This all leads to the double-edged sword of conducting large well-powered clinical trials. In this respect, the 6S trial  is limited as data of circulatory parameters (for example, central venous oxygen saturation) were not registered in up to 67% of patients during the first 24 h, and also 3-day detailed data on fluid therapy are missing in up to 19% necessary of patients, respectively.In terms of raw data, arguments for making raw data more widely available and sharing data were once more repeated in a recent editorial in the British Medical Journal  to ensure independent scrutiny, testing of secondary hypotheses, aiding design of new studies, and simplifying data acquisition for meta-analyses.8. We suggest that the best quality of data documentation and adequate follow-up are mandatory in future trials.
Making raw data freely available would enable both clinicians and scientists to understand and to interpret study data more appropriately.Future perspectives – algorithm for clinical management and safety checklistThe most important question, whether or not HES may be harmful when it is limited to immediate haemodynamic stabilisation cannot be answered yet. Currently, no study is available that sufficiently addresses this question. However, the recent large-scale trials have nicely demonstrated that chronic use without proper indication and assessment may cause harm. This has been the strength of these trials and can be viewed as an important contribution to safety in the care of critically ill patients.In fact, we need additional studies focusing on acute volume resuscitation and the initial phase of haemodynamic stabilisation.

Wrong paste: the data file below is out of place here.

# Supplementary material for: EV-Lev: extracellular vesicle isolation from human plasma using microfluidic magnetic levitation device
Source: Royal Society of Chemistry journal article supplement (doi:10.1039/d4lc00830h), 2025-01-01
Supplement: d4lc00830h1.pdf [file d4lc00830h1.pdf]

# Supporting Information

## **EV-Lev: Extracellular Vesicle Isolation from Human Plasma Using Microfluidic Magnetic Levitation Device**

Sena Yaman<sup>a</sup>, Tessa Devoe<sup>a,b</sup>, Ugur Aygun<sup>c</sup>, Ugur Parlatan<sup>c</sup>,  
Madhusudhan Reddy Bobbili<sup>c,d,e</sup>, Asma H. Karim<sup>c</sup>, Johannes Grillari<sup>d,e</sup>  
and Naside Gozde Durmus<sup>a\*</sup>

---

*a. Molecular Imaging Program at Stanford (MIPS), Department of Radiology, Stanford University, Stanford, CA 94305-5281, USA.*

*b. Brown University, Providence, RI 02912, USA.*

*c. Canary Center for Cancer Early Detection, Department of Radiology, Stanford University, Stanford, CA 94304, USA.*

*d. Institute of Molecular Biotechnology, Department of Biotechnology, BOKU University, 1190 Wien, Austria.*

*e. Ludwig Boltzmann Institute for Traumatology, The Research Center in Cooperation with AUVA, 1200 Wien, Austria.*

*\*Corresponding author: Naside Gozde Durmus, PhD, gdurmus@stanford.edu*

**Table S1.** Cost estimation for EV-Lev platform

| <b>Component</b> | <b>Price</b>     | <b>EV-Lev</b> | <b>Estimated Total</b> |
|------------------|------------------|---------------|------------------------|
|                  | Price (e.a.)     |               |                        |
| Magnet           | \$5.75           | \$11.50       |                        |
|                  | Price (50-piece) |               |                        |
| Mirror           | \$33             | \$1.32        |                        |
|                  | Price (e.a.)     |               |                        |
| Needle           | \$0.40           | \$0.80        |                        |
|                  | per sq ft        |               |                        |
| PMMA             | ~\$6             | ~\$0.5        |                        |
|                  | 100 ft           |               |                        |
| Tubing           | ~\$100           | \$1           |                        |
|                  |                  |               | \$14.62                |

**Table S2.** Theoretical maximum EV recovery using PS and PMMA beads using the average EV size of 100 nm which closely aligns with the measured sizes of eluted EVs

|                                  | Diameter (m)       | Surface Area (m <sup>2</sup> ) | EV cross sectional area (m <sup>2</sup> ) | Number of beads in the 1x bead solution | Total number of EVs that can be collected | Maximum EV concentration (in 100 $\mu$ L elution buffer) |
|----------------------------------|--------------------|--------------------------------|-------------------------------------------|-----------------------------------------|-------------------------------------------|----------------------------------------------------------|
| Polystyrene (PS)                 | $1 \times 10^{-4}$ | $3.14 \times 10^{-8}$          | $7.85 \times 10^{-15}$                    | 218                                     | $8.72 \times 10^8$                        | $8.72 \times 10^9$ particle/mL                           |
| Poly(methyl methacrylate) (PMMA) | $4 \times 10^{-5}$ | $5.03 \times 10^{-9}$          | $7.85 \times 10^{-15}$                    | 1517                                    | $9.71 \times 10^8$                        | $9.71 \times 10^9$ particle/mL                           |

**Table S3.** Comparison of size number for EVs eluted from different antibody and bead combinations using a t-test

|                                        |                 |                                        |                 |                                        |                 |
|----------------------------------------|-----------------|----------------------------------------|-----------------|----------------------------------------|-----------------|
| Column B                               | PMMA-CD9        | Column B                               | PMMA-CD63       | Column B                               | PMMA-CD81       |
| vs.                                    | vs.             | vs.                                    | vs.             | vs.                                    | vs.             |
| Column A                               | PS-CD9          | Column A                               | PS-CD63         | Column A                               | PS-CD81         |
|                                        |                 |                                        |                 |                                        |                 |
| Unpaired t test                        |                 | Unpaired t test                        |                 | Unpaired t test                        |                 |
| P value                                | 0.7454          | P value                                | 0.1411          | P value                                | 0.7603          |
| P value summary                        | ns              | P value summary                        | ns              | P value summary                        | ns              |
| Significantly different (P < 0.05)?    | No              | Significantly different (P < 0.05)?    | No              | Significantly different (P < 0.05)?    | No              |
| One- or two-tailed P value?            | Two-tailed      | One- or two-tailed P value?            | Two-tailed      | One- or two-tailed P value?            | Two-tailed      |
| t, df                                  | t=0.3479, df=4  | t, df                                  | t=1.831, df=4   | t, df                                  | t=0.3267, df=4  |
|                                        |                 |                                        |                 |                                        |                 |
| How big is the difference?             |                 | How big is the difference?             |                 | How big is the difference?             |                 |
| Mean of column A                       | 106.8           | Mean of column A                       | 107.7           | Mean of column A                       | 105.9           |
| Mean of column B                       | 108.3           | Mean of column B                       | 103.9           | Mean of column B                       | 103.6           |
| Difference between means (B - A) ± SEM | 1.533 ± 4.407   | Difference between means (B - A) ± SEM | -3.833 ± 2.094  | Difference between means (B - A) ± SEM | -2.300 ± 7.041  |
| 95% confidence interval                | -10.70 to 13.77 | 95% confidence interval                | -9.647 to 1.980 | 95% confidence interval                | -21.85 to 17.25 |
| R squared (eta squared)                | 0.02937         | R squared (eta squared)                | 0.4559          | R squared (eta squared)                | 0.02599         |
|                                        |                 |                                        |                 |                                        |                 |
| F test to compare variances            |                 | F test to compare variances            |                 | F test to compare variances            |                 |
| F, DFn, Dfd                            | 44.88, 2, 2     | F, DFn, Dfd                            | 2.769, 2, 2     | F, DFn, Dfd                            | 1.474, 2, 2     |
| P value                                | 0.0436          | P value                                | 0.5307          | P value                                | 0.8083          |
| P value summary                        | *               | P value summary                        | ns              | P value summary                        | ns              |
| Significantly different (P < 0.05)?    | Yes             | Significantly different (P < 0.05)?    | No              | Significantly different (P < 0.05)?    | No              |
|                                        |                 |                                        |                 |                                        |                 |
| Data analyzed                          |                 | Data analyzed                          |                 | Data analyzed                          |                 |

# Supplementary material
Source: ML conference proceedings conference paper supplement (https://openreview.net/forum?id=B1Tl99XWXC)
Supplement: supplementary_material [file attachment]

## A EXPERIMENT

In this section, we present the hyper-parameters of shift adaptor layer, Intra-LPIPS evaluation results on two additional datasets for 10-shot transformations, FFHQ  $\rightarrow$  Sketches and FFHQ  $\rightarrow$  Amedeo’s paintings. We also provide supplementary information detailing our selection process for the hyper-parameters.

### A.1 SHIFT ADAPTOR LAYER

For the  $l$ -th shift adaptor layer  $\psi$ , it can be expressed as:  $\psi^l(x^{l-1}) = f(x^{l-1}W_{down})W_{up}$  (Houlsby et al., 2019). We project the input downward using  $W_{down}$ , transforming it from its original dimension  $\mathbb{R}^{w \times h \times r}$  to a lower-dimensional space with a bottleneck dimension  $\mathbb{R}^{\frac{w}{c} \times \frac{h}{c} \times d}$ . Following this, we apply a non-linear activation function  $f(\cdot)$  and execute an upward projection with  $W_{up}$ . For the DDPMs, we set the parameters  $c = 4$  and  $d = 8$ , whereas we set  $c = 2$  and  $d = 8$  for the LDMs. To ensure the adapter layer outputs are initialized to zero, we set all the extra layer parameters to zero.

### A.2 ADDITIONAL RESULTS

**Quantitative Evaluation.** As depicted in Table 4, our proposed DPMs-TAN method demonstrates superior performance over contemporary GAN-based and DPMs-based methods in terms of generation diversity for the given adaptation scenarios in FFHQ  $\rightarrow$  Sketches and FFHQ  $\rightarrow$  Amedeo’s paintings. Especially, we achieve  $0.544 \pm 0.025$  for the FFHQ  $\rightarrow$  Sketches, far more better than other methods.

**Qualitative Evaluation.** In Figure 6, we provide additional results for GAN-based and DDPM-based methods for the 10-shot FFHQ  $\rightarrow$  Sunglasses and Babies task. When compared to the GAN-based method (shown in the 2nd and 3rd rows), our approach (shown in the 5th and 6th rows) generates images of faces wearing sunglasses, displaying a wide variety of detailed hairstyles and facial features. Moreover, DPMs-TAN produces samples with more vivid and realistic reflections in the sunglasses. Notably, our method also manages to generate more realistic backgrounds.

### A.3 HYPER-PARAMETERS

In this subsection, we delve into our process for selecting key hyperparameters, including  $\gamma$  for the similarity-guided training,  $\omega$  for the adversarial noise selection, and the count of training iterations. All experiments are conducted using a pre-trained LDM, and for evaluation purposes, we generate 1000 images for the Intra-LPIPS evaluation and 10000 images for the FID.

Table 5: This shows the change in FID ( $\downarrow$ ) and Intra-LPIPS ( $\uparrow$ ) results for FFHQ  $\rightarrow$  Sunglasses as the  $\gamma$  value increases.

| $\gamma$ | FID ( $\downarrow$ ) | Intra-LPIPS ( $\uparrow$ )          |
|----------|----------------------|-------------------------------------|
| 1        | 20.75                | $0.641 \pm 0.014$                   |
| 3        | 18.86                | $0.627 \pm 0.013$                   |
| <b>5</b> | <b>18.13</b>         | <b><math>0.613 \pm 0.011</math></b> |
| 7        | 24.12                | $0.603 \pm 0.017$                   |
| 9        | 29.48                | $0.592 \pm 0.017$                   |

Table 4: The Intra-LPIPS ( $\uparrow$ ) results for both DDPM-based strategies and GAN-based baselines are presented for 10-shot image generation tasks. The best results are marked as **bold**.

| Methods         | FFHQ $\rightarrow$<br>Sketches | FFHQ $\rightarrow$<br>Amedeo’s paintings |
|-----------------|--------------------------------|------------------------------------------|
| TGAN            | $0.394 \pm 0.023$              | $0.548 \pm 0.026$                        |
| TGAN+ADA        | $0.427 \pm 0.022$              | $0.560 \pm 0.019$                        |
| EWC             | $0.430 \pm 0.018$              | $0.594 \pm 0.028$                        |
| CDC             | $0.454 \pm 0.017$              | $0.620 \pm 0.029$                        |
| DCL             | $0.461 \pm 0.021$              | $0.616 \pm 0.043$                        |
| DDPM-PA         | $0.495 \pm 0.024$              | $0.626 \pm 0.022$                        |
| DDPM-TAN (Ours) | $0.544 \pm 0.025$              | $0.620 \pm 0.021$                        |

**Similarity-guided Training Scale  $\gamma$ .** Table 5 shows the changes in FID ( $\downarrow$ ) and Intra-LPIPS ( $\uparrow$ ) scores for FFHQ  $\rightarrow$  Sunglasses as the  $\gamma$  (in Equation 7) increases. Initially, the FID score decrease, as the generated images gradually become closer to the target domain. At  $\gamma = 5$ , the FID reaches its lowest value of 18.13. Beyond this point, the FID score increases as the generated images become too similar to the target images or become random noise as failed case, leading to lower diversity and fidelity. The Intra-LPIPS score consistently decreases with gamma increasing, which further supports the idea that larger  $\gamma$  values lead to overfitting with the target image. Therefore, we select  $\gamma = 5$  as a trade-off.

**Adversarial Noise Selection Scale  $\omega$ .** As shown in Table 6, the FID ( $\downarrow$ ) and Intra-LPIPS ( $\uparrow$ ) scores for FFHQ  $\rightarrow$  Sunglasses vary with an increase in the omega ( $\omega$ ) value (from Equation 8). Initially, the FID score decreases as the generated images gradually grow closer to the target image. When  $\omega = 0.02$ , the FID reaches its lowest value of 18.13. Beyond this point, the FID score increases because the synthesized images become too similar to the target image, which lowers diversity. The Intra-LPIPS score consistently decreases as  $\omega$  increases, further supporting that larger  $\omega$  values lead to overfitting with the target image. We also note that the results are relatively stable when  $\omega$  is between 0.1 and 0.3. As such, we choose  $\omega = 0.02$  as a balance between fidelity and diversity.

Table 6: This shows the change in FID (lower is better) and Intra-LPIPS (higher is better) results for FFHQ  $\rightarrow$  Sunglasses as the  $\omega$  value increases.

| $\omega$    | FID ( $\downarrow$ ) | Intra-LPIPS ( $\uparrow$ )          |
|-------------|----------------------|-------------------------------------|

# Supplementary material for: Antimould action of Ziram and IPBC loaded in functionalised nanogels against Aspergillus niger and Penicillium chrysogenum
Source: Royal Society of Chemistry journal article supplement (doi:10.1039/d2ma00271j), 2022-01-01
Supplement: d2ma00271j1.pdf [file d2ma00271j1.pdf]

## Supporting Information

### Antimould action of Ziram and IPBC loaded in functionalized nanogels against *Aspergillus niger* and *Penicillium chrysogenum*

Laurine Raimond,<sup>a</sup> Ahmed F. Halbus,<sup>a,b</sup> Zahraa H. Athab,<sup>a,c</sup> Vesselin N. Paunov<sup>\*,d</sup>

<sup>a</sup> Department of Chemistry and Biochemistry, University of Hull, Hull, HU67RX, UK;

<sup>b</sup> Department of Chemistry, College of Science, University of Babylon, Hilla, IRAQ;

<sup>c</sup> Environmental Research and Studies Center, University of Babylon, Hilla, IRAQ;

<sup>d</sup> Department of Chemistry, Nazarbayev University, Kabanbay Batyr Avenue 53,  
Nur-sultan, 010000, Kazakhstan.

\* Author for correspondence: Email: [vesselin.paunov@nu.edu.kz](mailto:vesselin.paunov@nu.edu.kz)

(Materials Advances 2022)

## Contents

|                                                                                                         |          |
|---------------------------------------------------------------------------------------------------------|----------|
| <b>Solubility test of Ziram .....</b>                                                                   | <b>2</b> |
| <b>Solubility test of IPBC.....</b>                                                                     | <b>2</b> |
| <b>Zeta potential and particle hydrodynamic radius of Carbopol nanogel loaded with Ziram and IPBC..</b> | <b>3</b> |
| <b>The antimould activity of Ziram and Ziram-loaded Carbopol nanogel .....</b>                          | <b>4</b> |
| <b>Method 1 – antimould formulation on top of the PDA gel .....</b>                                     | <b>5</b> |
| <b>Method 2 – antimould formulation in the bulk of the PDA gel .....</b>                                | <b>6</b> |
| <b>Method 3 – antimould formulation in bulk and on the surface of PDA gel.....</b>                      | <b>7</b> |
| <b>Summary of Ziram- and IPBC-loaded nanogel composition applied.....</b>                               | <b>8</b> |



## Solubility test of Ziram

To overcome the above mentioned limitations of most of the previous trials, first, we suggest an algorithm for clinical management emphasising the strict indication of HES (Figure (Figure1).1). This algorithm starts with the strict identification of patients with hypovolaemia. From our point of view, relevant hypovolaemia is likely if at least one of the following criteria is present: positive fluid responsiveness, lactate level >3 mmol/L, central venous oxygen saturation <70%, hypotension/tachycardia, and/or oliguria. As a second step, acute volume resuscitation with HES should be limited to a time interval of less than, in general, 6 h after onset of shock, to patients without pre-existing renal failure or AKI (unless oliguria is due to hypovolaemia), Anacetrapib and to the initial phase of volume resuscitation (that should not last longer than 24 h). We acknowledge that the time interval of 6 h for starting HES might be tricky if no therapeutic intervention at all has been done, or if there are ‘ups and downs’ in the clinical course with a re-occurence of hypovolaemia.